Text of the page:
An expert from Wharton School of Business, Art Bilger, predicts that 47% of white collar and blue collar jobs will disappear within 25 years. He urges reeducation to prevent workers from being unemployed.
It is known that technology will one way or another impact jobs, either creating them or making certain ones obsolete. The latter is the case for a number of jobs by 2041, says Art Bilger, an expert from the University of Pennsylvania’s Wharton School of Business, reports Big Think.
According to Bilger, developed nations will soon have a job loss rate of up to 47% within the subsequent 25 years due to robotics and other technological advancements. To emphasize the gravity of the situation, the unemployment trend is not reversible.
What kinds of jobs will disappear? Both white collar and blue collar ones such as lawyers, analysts, doctors for the former and drivers for the latter.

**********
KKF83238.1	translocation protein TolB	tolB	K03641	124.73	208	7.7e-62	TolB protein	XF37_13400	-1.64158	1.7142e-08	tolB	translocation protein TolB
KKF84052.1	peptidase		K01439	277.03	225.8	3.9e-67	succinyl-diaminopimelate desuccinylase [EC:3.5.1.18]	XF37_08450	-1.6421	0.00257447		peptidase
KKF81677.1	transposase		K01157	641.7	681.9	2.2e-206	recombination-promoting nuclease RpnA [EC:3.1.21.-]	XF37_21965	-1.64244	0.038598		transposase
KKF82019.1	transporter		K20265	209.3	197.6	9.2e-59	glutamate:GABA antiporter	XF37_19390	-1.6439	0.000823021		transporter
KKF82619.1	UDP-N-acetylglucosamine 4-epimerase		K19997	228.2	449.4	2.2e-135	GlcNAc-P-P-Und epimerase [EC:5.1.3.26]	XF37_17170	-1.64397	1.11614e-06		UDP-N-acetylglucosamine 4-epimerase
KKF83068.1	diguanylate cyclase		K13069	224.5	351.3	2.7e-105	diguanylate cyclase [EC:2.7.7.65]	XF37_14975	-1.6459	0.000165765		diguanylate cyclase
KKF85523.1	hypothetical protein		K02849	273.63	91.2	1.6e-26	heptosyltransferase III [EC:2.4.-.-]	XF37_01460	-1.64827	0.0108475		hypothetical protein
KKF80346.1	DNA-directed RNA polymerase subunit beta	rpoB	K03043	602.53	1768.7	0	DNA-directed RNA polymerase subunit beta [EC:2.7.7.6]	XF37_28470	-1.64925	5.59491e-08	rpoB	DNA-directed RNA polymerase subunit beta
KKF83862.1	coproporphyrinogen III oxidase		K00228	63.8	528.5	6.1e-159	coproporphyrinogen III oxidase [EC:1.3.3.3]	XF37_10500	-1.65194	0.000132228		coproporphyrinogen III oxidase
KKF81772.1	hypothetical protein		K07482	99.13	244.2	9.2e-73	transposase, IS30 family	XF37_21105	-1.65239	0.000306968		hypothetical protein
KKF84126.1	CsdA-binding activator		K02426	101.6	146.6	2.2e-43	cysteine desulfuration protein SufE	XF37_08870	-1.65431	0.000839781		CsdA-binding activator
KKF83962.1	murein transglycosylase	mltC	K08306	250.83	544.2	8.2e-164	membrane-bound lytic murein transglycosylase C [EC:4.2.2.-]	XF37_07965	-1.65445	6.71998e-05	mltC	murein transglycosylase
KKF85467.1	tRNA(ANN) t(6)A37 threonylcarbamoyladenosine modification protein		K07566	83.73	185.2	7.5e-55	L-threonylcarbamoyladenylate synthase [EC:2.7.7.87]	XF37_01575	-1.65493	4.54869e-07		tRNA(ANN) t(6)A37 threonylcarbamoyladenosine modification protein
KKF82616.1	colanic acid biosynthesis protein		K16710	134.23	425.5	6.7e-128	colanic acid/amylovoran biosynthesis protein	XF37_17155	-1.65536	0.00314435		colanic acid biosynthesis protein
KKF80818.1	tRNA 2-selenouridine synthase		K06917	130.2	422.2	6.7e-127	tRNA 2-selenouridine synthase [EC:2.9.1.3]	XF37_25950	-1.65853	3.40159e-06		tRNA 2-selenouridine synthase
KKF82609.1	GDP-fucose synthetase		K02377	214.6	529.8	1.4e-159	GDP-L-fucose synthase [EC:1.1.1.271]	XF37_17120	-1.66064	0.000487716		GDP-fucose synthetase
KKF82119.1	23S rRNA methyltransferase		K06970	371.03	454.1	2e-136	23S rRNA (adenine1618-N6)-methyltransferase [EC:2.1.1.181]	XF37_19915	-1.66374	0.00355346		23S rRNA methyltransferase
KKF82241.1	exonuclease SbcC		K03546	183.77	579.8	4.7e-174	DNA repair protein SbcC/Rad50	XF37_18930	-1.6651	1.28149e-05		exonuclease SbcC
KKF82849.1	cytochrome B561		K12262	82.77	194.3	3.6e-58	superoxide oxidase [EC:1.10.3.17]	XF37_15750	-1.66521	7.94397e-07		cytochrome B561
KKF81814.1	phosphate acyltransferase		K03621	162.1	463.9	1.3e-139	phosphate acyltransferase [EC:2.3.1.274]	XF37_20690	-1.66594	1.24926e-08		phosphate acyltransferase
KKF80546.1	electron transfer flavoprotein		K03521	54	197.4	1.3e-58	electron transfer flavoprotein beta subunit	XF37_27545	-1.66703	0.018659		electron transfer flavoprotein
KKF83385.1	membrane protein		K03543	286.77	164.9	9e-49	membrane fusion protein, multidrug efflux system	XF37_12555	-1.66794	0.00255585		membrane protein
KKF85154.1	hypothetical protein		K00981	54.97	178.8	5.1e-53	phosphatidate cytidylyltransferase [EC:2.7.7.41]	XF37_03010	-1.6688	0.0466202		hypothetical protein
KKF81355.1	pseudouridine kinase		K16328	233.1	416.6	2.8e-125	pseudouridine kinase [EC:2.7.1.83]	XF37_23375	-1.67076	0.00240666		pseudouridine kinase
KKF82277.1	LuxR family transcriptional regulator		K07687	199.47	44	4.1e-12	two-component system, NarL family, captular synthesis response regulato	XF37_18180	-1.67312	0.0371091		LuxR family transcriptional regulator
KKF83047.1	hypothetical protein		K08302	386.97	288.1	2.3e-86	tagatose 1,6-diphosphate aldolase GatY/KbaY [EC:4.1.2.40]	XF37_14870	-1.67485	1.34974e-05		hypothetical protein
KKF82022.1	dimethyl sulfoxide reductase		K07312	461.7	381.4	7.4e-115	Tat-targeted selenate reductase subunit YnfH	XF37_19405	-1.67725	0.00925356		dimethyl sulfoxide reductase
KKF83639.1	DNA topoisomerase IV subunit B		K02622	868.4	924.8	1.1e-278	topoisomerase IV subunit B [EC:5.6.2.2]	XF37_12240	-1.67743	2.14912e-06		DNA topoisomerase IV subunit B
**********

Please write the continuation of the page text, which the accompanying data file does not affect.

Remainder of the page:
Bilger states that medical and financial decisions will be more efficiently and quickly made by robots than by humans. For instance, another article by Jobs & Hire stated that financial advisers are already starting to be replaced by what is called as “Robo-Advisers.”
Furthermore, if electric cars, autonomous driving, and driverless cars are perfected by automobile manufacturers such as Tesla, car repair garages would not be needed as much and neither would drivers. These are just some of the occupations that are likely to be gone.
In an attempt to combat and prepare for this unemployment phenomenon, Bilger has established the Working Nation. It is a nonprofit organization that aims to warn the public about the upcoming trend as well as prepare safeguard measures against it.
One plan that was proposed is to set a universal basic income that everyone would rely on for survival. Another were reeducation programs.
These educational programs would provide a different learning experience for adults who may not be so keen to get back to school. Bilger maintains that reeducation is necessary and these classes would involve learning new skills as well as finding new pursuits.
Workers would find new areas to work in. They could transfer from one field to another; there would be lateral movement instead of a vertical one.